On Wednesday, the National Rifle Association's incoming president, Oliver North, compared the supposed victimization of NRA leaders now to how black Americans were treated under Jim Crow laws. The eyebrow-raising comment first appeared in The Washington Times where North even suggested the circumstances are worse today after saying that an NRA leader's home was splashed with fake blood and others received "threats."
They call them activists. That’s what they’re calling themselves. They’re not activists — this is civil terrorism. This is the kind of thing that’s never been seen against a civil rights organization in America. You go back to the terrible days of Jim Crow and those kinds of things — even there you didn’t have this kind of thing.
North's "they" seemed to at least in part reference young students leading a nationwide anti-gun violence movement in the United States. After a shocking mass shooting took place at Marjory Stoneman Douglas High School in Parkland, Florida, in February, gun control activists criticized the NRA for supposedly glorifying firearm possession. The shooting, which killed 17 people on Valentine's Day, sparked a collectively titled National School Walkout on March 14.
Without specifying the exact way a "cyberwar" was engulfing the NRA, North said, "They can do all the cyberwar against us — they’re doing it. They can use the media against us — they are. They’ve gone after our bank accounts, our finances, our donors, and obviously individual members.
"It’s got to stop," he told The Washington Times. "And that’s why the leadership invited me to become the next president of the NRA."
But North did not mention that CNN recently reported donations for NRA tripled after the Parkland shooting.
North also pushed against the notion that the Parkland shooting had galvanized and changed the national debate on gun control. He called that the shooting was "a travesty, a failure on the part of the local authorities and unfortunately the FBI as well" but said that it didn't alter America's conversation on gun access and control.
He told The Washington Times that young anti-gun violence activists were being co-opted by an unspecified "propaganda machine." He said, "What they did very successfully with a frontal assault, and now intimidation and harassment and lawbreaking, is they confused the American people" and that NRA's job is to "get the straight story out about what happened there, and to make sure that kind of thing doesn’t happen again because the proper things are being done with the advocacy of the NRA.”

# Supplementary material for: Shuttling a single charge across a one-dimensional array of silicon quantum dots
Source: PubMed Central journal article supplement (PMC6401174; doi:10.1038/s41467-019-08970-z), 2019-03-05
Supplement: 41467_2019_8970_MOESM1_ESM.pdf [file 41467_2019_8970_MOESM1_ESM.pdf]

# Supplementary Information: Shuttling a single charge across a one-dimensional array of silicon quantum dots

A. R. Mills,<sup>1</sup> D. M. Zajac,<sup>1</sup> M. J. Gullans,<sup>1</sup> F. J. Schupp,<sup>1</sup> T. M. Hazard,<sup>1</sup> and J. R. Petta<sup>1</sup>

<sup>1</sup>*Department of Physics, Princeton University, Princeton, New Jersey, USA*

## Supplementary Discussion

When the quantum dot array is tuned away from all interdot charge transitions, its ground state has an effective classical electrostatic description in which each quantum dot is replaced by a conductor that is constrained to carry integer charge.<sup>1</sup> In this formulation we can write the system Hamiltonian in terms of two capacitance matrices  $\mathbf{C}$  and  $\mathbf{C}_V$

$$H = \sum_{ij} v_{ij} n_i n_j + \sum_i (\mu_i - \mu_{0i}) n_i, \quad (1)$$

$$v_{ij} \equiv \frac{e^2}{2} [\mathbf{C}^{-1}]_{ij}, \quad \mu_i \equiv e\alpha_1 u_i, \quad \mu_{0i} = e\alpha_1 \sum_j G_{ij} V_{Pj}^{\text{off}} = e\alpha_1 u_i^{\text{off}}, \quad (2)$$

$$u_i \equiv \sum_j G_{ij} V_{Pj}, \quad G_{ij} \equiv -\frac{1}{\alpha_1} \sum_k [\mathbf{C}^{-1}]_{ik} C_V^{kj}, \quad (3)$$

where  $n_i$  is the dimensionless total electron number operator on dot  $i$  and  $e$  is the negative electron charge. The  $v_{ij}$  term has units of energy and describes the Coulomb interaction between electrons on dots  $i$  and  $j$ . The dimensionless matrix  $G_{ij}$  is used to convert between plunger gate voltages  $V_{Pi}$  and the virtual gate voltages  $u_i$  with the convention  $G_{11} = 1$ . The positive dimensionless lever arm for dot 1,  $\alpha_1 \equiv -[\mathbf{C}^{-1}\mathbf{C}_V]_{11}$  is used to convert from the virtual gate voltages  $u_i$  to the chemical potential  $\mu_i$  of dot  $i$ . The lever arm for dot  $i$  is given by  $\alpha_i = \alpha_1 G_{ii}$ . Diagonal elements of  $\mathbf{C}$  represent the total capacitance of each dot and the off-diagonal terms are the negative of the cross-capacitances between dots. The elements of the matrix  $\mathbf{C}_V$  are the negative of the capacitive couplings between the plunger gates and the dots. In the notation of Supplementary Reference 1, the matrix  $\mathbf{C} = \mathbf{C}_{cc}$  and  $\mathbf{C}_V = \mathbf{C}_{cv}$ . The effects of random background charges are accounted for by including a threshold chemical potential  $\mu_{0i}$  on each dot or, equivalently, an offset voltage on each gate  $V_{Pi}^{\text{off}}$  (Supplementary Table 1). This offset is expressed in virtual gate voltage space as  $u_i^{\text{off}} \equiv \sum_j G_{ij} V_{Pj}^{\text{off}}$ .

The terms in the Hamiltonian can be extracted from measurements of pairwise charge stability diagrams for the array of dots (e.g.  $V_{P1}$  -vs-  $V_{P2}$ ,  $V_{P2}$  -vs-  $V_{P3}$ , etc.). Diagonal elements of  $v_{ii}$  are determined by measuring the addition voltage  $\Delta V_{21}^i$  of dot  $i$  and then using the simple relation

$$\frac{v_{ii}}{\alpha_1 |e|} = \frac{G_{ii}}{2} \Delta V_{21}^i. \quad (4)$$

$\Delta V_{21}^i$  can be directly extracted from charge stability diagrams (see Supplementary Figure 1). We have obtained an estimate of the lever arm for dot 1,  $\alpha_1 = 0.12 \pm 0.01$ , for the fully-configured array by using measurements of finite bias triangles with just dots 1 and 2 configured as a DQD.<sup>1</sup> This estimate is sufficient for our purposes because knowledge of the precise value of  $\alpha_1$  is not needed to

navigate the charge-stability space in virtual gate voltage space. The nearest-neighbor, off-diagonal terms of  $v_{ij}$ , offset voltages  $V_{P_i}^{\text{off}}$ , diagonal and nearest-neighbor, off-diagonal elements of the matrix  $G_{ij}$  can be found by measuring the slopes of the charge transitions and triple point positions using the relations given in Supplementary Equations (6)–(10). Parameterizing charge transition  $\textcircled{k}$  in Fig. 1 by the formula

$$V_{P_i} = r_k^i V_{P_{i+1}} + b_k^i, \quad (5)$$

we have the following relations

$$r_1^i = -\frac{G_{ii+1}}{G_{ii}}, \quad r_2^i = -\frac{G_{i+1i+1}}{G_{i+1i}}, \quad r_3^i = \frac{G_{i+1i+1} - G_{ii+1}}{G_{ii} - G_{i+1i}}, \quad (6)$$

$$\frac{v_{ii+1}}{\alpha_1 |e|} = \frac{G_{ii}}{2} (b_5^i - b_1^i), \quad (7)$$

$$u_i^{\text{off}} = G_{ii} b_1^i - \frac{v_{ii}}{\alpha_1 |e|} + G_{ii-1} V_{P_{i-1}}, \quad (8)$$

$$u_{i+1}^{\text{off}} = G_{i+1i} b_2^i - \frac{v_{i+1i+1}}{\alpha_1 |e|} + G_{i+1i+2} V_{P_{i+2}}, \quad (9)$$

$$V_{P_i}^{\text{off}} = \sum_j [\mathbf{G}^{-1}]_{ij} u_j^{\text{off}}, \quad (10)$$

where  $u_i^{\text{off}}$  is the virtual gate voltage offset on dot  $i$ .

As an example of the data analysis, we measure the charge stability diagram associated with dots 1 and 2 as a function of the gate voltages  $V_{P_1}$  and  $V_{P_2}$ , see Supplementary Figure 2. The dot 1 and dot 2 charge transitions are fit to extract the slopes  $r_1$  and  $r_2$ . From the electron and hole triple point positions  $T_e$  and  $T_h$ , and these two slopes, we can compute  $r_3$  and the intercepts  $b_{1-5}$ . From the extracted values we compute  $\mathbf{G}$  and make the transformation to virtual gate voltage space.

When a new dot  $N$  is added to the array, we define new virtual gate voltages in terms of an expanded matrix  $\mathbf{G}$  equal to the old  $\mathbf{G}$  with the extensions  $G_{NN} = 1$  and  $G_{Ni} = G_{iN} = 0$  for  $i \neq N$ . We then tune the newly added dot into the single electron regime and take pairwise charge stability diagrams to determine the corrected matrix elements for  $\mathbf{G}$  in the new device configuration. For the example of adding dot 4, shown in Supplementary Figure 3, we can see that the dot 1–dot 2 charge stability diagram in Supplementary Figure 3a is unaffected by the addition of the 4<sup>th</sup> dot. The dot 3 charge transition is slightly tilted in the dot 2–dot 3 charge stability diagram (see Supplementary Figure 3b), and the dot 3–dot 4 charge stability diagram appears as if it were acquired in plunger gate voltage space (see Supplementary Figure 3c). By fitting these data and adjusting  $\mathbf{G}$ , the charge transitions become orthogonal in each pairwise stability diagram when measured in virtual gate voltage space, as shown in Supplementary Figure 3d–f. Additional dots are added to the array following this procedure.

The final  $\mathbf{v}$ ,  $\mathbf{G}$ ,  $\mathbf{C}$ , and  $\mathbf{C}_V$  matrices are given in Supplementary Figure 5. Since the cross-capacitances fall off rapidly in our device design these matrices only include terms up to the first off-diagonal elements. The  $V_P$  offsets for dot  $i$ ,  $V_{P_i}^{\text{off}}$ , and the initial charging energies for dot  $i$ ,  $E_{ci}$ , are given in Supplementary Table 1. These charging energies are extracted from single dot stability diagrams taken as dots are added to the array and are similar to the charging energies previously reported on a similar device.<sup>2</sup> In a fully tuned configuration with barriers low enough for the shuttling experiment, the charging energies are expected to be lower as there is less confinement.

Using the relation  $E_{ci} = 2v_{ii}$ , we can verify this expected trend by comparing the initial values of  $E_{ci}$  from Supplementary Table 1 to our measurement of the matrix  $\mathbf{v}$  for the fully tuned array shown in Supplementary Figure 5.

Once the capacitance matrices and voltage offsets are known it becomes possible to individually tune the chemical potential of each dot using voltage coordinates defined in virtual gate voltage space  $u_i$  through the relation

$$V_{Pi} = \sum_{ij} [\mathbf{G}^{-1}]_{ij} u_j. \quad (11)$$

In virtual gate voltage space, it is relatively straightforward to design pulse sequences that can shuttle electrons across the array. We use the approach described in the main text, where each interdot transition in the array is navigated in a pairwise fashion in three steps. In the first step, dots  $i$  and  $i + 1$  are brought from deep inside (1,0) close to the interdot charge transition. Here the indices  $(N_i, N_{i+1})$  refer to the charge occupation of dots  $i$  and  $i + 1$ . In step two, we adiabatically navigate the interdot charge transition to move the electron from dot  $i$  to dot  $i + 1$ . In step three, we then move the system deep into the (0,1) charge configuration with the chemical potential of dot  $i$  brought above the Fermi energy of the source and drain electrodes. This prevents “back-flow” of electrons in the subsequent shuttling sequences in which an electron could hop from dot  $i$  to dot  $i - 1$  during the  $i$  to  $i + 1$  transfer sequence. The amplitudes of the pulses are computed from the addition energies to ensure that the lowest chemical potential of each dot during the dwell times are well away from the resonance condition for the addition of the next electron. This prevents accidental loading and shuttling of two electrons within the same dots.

On social media, North's likening of pushback against the NRA to Jim Crow's era of racial segregation was met with criticism and disapproval. One Twitter user said that members of the NRA "look stupid everyday. So glad I canceled membership years ago. I feel smarter for it."
Some social media users were simply stunned. "What? Wait," a Twitter user incredulously asked. "He actually equated lynch mobs and murders of blacks in the south during Jim Crow to folks now marching and protesting AGAINST gun violence? Did he come up with that convoluted logic or did the NRA pay someone for that idea?"
As some observers criticize North for equating anti-gun violence activism with Jim Crow laws, it's worth recalling what the nonprofit Equal Justice Initiative reported on the abysmal era that crushed the lives of many Black Americans. According to the 2015 report, a jaw-dropping 3,959 lynchings took place in time span between 1877 to 1950 in America's South.
The report noted that Georgia had the highest number of lynchings followed by Mississippi, Louisiana, and Florida. The eyebrow-raising nature of North's comments was not lost on his observers, including one Twitter user who said he wanted to know which NRA member was gunned down in his driveway, presumably alluding to the black American civil rights leader Medgar Evers, who was shot and killed by a white supremacist with a rifle in 1963.